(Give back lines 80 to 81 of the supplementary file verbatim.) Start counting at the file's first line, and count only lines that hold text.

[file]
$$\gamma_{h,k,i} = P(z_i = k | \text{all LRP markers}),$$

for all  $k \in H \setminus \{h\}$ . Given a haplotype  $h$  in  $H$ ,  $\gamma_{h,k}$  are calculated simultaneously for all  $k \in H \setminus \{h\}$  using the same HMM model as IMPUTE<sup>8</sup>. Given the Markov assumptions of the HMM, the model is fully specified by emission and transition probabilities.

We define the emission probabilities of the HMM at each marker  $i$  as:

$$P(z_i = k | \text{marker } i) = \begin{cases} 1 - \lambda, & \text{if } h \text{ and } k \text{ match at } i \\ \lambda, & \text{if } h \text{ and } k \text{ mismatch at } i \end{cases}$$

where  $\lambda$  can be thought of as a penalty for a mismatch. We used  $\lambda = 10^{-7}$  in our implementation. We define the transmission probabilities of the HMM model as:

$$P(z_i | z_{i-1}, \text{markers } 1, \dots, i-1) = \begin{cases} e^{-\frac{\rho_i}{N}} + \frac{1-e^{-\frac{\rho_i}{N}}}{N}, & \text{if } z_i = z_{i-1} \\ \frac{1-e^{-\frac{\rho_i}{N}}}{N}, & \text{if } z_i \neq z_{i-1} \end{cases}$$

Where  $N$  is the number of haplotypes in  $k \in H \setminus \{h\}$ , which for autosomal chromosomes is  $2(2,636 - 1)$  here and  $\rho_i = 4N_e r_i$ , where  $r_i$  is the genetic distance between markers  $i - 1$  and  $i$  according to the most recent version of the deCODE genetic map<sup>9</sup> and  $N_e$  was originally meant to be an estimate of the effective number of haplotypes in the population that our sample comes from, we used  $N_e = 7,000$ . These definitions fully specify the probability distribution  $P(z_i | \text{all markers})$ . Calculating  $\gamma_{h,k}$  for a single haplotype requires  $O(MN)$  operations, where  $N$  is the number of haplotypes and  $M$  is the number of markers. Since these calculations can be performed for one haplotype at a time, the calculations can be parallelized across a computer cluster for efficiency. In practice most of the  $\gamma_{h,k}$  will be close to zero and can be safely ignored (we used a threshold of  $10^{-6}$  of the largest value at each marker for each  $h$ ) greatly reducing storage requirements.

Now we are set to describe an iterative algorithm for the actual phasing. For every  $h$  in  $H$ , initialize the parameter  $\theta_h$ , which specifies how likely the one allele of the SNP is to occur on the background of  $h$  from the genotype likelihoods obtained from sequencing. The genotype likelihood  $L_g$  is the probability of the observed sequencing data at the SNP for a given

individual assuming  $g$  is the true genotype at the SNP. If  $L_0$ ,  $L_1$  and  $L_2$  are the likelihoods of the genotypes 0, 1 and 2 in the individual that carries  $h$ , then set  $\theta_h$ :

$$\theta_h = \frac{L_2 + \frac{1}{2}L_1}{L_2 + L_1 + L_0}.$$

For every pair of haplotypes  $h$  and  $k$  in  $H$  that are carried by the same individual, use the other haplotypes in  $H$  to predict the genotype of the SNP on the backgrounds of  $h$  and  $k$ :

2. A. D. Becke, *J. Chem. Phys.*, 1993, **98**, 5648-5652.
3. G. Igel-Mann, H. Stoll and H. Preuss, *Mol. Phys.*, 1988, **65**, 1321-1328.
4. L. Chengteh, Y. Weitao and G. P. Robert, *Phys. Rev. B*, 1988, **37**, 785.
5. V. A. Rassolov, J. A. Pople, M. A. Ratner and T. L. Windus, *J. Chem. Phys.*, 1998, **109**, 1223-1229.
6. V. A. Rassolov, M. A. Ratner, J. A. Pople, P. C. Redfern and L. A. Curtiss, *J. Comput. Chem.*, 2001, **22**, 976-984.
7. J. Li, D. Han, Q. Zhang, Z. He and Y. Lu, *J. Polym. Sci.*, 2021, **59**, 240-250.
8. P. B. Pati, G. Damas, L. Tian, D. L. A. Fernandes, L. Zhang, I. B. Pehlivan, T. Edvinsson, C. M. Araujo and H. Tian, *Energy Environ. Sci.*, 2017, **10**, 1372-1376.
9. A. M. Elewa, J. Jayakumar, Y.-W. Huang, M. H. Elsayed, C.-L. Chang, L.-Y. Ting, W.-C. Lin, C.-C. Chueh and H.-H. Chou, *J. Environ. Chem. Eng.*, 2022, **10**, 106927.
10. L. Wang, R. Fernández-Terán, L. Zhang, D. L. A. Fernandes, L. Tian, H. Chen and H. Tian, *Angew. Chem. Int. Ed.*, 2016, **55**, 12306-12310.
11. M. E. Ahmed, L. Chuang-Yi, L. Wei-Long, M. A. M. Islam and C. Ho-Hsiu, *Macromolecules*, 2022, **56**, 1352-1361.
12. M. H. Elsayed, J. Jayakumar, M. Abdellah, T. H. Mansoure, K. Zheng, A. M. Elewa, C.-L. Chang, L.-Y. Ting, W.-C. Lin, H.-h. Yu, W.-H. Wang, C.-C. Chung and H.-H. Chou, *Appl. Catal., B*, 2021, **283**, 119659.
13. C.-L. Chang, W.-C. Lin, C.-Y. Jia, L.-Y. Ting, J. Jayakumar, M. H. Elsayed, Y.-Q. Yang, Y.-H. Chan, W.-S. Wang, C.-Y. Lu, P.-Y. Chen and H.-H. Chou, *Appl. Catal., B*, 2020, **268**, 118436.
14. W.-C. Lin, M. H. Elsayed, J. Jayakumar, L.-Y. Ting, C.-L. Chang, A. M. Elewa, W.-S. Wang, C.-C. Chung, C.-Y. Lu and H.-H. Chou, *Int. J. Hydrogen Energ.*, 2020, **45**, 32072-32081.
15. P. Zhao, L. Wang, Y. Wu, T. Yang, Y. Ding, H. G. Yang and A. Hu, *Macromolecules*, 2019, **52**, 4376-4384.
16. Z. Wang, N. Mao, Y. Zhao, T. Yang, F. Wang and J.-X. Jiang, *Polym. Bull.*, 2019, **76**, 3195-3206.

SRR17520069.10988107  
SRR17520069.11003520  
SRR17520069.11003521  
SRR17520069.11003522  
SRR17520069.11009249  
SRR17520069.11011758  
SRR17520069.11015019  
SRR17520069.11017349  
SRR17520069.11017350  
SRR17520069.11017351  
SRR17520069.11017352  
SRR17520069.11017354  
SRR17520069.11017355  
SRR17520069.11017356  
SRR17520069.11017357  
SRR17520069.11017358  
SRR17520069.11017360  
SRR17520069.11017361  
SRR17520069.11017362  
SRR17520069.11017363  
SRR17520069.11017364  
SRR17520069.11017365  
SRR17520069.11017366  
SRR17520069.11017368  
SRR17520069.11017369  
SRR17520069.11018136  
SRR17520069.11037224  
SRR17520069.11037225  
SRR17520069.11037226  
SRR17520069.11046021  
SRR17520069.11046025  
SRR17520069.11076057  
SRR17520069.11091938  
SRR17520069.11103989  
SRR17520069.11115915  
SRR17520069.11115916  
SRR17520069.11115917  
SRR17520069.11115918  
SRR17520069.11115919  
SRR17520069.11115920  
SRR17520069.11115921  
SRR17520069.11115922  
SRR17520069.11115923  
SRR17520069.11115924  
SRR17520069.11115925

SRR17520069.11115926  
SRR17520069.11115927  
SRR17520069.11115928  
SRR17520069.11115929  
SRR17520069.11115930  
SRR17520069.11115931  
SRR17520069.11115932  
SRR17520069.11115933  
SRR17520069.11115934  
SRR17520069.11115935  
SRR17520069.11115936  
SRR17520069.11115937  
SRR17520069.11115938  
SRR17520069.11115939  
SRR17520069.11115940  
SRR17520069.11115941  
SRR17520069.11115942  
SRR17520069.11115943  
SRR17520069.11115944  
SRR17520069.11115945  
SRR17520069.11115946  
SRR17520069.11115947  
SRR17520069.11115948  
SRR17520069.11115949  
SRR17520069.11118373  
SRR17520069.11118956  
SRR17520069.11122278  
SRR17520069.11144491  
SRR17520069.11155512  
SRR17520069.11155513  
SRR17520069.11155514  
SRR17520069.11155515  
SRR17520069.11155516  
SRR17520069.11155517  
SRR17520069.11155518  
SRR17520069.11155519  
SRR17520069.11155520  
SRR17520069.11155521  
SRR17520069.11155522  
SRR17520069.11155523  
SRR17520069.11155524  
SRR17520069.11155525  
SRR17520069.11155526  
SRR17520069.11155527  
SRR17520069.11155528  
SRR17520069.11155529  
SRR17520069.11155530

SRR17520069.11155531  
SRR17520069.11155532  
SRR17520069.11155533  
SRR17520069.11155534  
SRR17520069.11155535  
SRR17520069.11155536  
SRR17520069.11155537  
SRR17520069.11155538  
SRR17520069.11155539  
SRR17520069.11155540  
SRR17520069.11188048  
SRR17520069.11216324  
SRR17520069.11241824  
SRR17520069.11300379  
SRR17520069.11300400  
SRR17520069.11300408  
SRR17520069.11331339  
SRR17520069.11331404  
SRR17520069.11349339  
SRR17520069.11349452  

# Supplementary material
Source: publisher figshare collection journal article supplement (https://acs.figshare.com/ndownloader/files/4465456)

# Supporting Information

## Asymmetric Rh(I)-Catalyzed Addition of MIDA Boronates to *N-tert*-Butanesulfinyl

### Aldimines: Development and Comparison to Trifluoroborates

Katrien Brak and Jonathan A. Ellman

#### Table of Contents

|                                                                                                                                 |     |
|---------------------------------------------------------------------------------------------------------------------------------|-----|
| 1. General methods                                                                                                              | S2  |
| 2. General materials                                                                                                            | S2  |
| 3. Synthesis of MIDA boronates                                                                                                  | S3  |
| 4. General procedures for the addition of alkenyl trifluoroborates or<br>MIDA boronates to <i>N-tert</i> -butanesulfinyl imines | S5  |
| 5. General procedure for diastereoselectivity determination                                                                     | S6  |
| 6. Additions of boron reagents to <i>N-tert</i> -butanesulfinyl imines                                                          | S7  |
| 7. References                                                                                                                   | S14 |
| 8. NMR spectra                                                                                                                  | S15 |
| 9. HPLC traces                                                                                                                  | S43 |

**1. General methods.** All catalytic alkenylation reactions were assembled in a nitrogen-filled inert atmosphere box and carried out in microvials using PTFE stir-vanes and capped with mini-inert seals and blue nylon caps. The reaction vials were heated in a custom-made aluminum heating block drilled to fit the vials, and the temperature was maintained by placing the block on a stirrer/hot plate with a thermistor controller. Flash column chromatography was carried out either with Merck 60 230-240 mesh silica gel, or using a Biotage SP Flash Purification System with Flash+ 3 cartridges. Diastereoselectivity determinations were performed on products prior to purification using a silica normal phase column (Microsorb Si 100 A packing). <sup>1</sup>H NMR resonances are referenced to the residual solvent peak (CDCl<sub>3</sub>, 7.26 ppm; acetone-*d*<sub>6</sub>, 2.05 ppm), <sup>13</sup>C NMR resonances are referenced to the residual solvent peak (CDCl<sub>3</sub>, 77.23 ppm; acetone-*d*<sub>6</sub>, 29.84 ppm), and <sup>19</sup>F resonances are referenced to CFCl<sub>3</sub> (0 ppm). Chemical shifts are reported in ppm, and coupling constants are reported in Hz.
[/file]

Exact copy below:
SRR17520069.11115934  
SRR17520069.11115935  